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Shades of Gray

Beyond Bingo : Today's Senior Centers Serve Members in a Multitude of Ways

March 28, 1991|Agnes Herman

When I was growing up, I knew nothing about centers for seniors. Perhaps there were none. Elders stayed at home and filled their days with family matters, the daily newspaper and books.

After my father's retirement in 1947, he and my mother controlled their schedule, diminished their prior activities and, in the process, isolated themselves from family and friends. I know that neither they nor we considered that there were possibilities for enhancing, enriching or expanding their days. Those days, as a result, were long and unvaried. I wish there had been a senior center for them. Perhaps they would have been less lonely.

The senior center movement in this country developed as the numbers of elder citizens increased. And, as the needs and interests of seniors change, so does the focus of the centers. No longer merely providing a hot midday meal, card game and bingo, senior centers in North County serve their members in a multitude of ways.

In 1958, when a senior center opened in Escondido, its founders worried that there might not be enough elderly people available and set the minimum age for membership at 40. But life cannot begin and peak at the same age--the arrangement did not work. Today, anyone over 50 is eligible to participate in all activities.

There is one exception to that rule: the nutrition program. The federal Older Americans Act of 1974 limits participation to people 60 or older. The city of Vista cooks the meals that are offered in senior centers throughout North County. One center director suggests that the popularity of the nutrition program is due to the fact that many males in the current senior generation never learned to cook.

For the 600 people who each day walk through the doors of Joslyn Senior Center in Escondido, there are exercise classes, card games, travel information, income tax assistance, legal advice, medical screening and a host of support groups. Volunteers, guided by professional personnel, provide these services. Programming of this quality is replicated in centers throughout the country.

The support groups at the Escondido center merit special attention. In 1972, a group of retired professionals in that community decided to serve as volunteers and "give back" some of the good things they had gained for themselves. The Senior Service Council of Escondido was established and gave birth to the network of support groups that make the Escondido center unique. Today, among the available groups are "Better Breathers" for those with heart or respiratory problems; "Shush" for those with hearing disabilities; groups for spouses of, and individuals with, Alzheimer's, Parkinson's, diabetes. There are Alcoholic Anonymous meetings as well.

This center is open seven days a week to meet the needs of participants. When people seek assistance to find special resources or require personal attention, volunteers and staff provide information, referral and warmth.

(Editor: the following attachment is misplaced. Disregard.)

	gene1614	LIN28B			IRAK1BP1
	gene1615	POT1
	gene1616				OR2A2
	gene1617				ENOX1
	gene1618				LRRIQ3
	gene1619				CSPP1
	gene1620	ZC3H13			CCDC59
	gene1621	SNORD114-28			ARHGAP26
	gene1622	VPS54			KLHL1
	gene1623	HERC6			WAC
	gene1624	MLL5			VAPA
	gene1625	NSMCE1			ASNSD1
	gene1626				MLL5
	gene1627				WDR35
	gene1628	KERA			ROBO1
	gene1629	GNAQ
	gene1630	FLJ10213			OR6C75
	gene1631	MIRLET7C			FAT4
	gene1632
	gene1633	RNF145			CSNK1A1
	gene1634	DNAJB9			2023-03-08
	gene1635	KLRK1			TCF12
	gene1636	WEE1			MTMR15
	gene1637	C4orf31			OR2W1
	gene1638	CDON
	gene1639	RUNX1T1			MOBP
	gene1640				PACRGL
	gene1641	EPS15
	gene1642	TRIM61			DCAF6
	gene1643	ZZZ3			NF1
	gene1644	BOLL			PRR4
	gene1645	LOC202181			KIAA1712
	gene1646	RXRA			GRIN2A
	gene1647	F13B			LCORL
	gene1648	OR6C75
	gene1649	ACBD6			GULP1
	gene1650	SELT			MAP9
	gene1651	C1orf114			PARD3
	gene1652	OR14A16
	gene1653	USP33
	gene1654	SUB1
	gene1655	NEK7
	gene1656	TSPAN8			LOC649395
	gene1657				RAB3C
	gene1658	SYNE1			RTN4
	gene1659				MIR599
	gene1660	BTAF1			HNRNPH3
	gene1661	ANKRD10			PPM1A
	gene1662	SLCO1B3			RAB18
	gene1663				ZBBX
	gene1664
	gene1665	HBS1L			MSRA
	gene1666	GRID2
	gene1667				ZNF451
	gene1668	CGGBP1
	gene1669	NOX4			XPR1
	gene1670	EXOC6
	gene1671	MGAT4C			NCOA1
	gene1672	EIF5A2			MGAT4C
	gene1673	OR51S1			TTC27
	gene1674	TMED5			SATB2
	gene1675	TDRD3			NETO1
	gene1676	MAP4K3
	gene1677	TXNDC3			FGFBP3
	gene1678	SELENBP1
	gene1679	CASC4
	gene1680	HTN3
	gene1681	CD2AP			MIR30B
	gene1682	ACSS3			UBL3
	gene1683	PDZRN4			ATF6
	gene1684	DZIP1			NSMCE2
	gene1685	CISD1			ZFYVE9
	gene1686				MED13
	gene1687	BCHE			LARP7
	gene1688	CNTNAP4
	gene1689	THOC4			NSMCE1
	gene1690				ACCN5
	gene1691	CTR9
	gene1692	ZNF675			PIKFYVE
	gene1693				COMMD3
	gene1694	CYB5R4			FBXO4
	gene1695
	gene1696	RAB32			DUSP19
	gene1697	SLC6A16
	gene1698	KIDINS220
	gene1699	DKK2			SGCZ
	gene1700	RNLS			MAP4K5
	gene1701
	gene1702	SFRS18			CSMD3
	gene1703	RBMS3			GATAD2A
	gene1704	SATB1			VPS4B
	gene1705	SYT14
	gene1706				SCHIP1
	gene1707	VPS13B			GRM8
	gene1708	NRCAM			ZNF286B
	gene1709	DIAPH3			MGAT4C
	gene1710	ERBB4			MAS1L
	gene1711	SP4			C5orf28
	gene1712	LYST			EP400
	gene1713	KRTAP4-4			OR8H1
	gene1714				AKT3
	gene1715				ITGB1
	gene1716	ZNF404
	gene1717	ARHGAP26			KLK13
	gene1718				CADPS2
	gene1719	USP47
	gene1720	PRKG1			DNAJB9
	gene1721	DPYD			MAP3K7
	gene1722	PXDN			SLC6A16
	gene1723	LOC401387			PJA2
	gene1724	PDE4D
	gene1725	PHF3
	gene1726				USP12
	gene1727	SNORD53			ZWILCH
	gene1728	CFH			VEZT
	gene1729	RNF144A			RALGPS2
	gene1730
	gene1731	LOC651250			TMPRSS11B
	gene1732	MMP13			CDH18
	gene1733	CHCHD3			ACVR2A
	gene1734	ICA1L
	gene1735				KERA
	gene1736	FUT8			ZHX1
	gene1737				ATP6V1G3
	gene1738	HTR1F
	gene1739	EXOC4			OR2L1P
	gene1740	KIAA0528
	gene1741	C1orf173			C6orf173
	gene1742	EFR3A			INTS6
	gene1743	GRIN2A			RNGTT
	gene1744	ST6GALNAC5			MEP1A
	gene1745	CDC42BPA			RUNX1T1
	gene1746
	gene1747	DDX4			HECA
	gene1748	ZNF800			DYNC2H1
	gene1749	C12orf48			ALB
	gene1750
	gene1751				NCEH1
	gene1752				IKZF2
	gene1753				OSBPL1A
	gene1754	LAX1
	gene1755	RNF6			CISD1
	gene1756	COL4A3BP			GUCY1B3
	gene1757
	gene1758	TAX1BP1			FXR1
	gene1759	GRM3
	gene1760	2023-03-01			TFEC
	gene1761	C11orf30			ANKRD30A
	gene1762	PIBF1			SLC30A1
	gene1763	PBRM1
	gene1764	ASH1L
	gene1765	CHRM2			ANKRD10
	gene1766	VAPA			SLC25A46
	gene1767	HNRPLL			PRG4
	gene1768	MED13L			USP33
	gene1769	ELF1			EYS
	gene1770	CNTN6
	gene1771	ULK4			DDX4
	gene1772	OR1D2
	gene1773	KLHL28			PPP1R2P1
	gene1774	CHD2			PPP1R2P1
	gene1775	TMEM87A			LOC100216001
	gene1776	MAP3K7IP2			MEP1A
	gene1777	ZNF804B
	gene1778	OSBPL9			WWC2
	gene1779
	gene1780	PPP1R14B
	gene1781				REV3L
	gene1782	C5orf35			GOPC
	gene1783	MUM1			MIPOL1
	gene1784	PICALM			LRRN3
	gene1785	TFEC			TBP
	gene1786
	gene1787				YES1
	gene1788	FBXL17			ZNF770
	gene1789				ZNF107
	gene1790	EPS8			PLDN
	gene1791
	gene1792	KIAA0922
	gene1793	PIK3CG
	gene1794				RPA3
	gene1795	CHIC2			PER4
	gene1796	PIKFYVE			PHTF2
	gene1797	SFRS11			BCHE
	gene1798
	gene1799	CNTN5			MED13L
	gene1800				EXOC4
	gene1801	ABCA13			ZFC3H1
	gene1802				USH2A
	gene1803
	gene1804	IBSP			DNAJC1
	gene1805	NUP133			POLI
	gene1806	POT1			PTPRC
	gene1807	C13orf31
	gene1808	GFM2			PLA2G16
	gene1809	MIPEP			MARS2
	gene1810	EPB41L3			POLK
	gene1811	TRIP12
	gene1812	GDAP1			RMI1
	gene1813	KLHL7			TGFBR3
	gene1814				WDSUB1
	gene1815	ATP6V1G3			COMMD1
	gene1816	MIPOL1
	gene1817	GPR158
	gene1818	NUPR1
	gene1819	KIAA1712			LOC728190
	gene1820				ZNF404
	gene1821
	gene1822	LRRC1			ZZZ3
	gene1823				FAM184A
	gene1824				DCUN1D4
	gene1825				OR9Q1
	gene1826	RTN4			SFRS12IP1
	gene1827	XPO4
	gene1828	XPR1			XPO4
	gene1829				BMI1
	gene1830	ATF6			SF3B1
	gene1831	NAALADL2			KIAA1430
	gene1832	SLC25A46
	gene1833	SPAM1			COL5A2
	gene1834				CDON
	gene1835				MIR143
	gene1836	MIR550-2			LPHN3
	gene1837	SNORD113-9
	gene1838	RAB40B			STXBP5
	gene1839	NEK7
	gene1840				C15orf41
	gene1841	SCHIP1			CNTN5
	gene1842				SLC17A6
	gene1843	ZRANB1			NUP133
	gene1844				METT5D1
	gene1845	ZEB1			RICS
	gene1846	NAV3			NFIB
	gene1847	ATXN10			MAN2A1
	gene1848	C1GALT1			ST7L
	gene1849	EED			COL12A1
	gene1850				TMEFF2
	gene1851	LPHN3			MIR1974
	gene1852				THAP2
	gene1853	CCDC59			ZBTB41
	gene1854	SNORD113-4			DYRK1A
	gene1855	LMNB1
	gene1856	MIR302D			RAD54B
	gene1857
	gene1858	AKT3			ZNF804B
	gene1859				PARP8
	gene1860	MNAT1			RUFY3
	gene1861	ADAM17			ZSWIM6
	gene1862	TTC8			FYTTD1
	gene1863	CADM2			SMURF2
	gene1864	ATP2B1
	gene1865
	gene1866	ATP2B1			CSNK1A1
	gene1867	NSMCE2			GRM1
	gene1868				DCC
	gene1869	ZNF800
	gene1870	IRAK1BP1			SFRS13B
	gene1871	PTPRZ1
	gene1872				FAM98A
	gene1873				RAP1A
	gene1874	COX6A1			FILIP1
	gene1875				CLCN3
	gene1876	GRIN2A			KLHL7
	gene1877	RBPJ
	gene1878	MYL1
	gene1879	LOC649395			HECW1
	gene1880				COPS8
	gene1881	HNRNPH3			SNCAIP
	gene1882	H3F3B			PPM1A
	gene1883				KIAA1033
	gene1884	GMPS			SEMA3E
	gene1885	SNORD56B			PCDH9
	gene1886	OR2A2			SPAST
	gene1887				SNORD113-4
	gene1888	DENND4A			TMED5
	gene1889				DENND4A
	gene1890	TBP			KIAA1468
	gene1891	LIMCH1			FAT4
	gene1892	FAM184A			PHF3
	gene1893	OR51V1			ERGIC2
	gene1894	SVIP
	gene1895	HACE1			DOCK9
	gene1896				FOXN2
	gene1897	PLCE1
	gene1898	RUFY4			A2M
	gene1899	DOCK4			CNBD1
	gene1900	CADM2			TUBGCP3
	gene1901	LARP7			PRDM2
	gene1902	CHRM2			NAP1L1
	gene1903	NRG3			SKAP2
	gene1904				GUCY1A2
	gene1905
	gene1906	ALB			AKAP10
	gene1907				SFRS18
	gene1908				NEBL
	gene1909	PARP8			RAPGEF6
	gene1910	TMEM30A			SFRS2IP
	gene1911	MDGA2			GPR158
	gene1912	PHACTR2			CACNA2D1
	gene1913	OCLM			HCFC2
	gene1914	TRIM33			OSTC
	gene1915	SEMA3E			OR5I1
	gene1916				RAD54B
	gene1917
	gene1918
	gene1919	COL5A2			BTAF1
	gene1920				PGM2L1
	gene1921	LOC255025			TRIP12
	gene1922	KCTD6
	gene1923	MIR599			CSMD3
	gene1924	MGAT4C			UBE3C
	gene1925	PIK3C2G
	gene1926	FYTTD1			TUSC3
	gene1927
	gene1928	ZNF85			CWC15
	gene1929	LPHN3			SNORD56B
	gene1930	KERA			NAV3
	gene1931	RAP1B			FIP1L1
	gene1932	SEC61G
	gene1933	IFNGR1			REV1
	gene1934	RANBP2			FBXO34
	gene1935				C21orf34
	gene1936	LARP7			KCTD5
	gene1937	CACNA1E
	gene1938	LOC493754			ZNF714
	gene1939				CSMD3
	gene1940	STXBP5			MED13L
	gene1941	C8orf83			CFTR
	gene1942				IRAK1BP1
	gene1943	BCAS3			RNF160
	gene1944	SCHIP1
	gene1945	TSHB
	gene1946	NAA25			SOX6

The center in Escondido is a "Joslyn" Center. Along with 30 other senior centers in California, it is endowed by a foundation established by Marcellus L. Joslyn, an attorney and businessman from Chicago. One might guess that he gained much satisfaction in planning the distribution of his money, but it could hardly be more than that gained by the participants themselves.

Lasting friendships and sometimes marriages develop among the people who meet at the center. It is not unusual for recent widows or widowers to come to the center convinced they are not interested in a relationship or marriage. Not interested sometimes become famous last words. The center's atmosphere is easy and friendly, and two dances a week augment the congeniality.

Paul Athan has been director of the Josyln Center for the past 10 years. He speaks of his work with joy and zeal. With a doctorate in human behavior, he previously worked in the aerospace industry and at a university, but he finds his work today to be the most exciting and fulfilling of his career. He has discovered a spirit of participation and satisfaction at the center that leaves no one untouched. The premise at the center is caring; the result is enthusiasm.

"We are all members of the 'hug club,' " Athan said. "Everyone needs hugs every day."

The Carlsbad Senior Center, established a little more than five years ago, is housed in a building that is even younger. The center is open five days a week, and each day hosts 250 people between the ages of 55 and 90. These men and women are deeply involved in its well-being and eager to ensure it.

Susan Spicard coordinates activities at the center, and her enthusiasm is further proof that overseeing a senior center is an enriching and challenging experience.

Wherever I walked at the center, I was greeted warmly and enthusiastically. The ebullience seemed to be contagious. I had the feeling that this was one very large, happy family, interested in one another and bursting with pride in their center.

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